Why your patients should lace up their walking shoes

Tanya Albert Henry , Contributing News Writer

Older women don’t need to get in 10,000 steps a day to lower their mortality rates. Just 4,400 steps daily—even at a low intensity—is linked to significantly lower mortality rates when compared to rates for those who take 2,700 steps a day, a new study finds.

“We try to shy away from the word exercise with patients because it sounds like they have to go to the gym, or do something high-intensity. But this study shows that just moving more, something that doesn’t need to be complex or high intensity, has a benefit for older women,” said Kate Kirley, MD, a family physician and director of chronic disease prevention at the AMA. “That is less intimidating to people and more attainable.”

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The study, published in JAMA Internal Medicine, included women ages 62 to 101 years old, with an average age of 72, and looked at the larger picture of mortality rates. Previous studies have shown that walking also reduces patients’ risk for developing diabetes and high blood pressure, two areas of intense focus in the AMA’s efforts to help physicians prevent and manage those chronic diseases.

Target: BP™, a joint national initiative by the AMA and the American Heart Association, gives physician practices access to clinical tools and support to improve patients’ blood pressure control rates. The program offers annual, recurring recognition for all participating sites and for sites that have blood pressure control rates at 70% or higher for their adult patients. Last year, nearly 800 organizations were recognized for blood pressure control efforts.

Meanwhile, the AMA Prevent Diabetes website offers physicians a comprehensive assessment and guided process to help organizations implement a diabetes prevention strategy, including a diabetes prevention toolkit to aid different members of the practice and access to an evidence-based diabetes prevention lifestyle change program.

Patients didn’t need to step quickly or intensely to lower their mortality rates, according to the study, “Association of Step Volume and Intensity With All-Cause Mortality in Older Women,” which was supported by grants from the National Institutes of Health.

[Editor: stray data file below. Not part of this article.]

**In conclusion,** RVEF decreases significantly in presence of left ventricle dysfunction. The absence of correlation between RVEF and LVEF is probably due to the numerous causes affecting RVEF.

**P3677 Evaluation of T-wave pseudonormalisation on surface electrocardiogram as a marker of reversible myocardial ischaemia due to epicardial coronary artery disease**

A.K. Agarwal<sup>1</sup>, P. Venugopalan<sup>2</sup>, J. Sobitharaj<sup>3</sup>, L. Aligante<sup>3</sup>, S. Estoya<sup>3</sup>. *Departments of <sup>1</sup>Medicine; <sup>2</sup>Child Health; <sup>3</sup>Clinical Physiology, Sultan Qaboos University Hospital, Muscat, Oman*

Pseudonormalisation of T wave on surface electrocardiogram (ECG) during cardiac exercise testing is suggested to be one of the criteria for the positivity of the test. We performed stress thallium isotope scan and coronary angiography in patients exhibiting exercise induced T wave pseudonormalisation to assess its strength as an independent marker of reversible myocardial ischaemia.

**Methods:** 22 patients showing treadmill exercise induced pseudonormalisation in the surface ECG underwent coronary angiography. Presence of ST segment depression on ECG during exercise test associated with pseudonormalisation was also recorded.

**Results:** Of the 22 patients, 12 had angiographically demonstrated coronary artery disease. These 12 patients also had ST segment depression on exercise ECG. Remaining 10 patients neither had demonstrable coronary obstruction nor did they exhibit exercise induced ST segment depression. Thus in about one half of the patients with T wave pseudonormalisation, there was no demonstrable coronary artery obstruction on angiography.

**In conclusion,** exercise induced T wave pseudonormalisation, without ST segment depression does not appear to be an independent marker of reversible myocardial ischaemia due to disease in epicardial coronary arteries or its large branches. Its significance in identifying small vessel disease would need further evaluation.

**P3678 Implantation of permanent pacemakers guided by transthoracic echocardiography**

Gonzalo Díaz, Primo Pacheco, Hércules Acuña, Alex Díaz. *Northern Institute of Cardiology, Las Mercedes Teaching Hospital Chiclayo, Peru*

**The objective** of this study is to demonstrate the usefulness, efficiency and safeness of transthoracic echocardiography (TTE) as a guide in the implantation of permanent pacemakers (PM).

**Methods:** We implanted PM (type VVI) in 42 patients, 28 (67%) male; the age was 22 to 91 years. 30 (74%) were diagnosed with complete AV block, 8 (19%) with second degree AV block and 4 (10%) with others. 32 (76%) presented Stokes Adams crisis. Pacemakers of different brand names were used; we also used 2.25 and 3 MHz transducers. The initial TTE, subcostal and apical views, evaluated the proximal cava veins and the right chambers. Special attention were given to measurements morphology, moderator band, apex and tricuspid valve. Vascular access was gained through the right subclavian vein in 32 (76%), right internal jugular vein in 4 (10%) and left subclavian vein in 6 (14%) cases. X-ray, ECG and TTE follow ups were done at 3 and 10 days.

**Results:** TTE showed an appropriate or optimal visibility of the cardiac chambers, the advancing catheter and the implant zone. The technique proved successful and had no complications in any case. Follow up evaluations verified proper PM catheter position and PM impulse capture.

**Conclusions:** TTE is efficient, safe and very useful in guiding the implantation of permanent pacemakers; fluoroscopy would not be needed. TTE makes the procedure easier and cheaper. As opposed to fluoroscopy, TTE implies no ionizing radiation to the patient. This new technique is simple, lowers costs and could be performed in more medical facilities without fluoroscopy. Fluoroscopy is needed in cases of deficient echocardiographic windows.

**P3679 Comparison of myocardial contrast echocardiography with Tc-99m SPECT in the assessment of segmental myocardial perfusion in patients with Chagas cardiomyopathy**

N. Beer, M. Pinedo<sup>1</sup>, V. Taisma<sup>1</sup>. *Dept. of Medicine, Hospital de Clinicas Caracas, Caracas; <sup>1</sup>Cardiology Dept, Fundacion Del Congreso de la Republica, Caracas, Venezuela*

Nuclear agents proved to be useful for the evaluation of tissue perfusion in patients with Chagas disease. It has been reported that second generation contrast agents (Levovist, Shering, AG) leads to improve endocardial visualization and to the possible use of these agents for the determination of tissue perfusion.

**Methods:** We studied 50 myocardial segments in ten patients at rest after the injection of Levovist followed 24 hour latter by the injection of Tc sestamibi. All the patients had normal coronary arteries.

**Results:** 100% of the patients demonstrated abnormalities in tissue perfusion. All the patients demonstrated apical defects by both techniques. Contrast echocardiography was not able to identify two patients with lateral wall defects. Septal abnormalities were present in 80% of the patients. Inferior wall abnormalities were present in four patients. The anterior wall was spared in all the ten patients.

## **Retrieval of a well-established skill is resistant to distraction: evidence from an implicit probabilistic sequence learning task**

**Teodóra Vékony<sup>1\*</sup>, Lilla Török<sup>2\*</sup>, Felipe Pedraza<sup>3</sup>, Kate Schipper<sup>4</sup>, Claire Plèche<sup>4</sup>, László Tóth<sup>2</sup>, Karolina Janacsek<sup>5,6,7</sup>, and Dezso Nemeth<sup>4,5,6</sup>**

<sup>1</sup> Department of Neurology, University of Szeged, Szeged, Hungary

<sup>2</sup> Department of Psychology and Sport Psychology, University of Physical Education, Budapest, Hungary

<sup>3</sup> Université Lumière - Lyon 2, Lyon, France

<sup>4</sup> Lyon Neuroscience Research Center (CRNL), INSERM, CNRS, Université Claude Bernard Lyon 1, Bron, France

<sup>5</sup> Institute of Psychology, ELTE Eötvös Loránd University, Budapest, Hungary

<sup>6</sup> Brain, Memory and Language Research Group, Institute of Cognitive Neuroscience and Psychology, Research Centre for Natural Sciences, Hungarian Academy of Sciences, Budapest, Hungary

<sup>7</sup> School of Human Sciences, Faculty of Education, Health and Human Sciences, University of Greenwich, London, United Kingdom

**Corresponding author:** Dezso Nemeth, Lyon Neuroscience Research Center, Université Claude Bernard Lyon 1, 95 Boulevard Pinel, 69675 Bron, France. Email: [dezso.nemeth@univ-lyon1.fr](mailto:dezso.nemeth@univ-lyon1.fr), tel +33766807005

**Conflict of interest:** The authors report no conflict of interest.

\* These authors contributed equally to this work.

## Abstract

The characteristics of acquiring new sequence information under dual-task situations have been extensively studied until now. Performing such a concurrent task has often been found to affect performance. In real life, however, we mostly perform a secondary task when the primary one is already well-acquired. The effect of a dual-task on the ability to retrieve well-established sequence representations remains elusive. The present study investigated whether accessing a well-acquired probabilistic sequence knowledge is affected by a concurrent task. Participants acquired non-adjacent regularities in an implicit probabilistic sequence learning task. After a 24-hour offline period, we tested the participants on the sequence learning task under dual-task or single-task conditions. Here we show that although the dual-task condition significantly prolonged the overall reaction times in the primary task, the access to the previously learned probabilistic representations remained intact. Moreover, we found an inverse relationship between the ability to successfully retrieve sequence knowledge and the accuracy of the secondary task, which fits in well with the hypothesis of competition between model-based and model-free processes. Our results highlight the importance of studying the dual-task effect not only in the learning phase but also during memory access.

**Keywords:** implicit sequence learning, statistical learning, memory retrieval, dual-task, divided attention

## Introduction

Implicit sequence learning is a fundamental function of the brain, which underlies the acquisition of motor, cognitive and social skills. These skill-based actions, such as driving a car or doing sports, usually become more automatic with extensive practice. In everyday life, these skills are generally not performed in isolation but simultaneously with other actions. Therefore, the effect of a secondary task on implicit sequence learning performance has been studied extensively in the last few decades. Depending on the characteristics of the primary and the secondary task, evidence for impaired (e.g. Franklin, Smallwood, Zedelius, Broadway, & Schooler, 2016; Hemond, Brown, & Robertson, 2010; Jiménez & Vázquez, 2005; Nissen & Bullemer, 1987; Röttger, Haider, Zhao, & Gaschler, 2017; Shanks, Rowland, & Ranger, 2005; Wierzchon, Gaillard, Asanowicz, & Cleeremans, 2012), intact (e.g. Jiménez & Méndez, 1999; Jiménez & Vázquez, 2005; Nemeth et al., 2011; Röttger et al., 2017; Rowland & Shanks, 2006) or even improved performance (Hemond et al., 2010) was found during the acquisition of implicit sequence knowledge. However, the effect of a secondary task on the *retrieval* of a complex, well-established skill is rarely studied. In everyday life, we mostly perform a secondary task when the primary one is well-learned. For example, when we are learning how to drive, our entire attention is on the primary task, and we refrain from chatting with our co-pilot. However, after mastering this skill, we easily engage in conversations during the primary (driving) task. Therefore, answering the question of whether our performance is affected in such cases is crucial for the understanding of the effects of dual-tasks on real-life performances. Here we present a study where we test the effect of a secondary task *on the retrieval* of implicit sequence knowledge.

In fact, “there was little fast stepping among these older women (only 0.2% of the time was spent at a stepping rate equivalent to walking at approximately 2.5 mph or faster),” the study’s authors wrote.

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More than 16,000 women took part in the research by wearing a device to measure their steps over seven days. At a follow-up slightly more than four years later, the data showed that women’s mortality rates progressively decreased with more steps per day, with the benefits leveling off at about 7,500 steps daily.

The “number of steps, rather than stepping intensity, was the step metric consistently related to lower mortality rates,” the study concludes. “These findings may serve as encouragement to the many sedentary individuals for whom 10,000 steps a day pose an unattainable goal.”

Ten thousand steps a day was most often the default goal on the more than 125 million wearable technologies tracking a person’s physical activity that were shipped worldwide in 2017, study authors begin their report. They note that trackers on smart phones also use this number, as do the lay press when talking about how much people should be moving every day.

But, the authors say, where this goal came from is unclear.

“It likely derives from the trade name of a pedometer sold in 1965 by Yamasa Clock and Instrument Company in Japan called Manpo-kei, which translates to ‘10,000 steps meter’ in Japanese,” they wrote, telling readers that is why it is important to study the real impact that step numbers and intensity have on health.

Dr. Kirley agrees and said it is encouraging to see results that show older women can take fewer than 10,000 steps a day at a low intensity and still see a positive impact on their health.

“You can tell patients that 7,500 steps is excellent, but that even taking more than 4,000 steps has a benefit,” she said. “It is doable and patients can do it at their own pace. It is about getting the steps in, not how fast you take them.”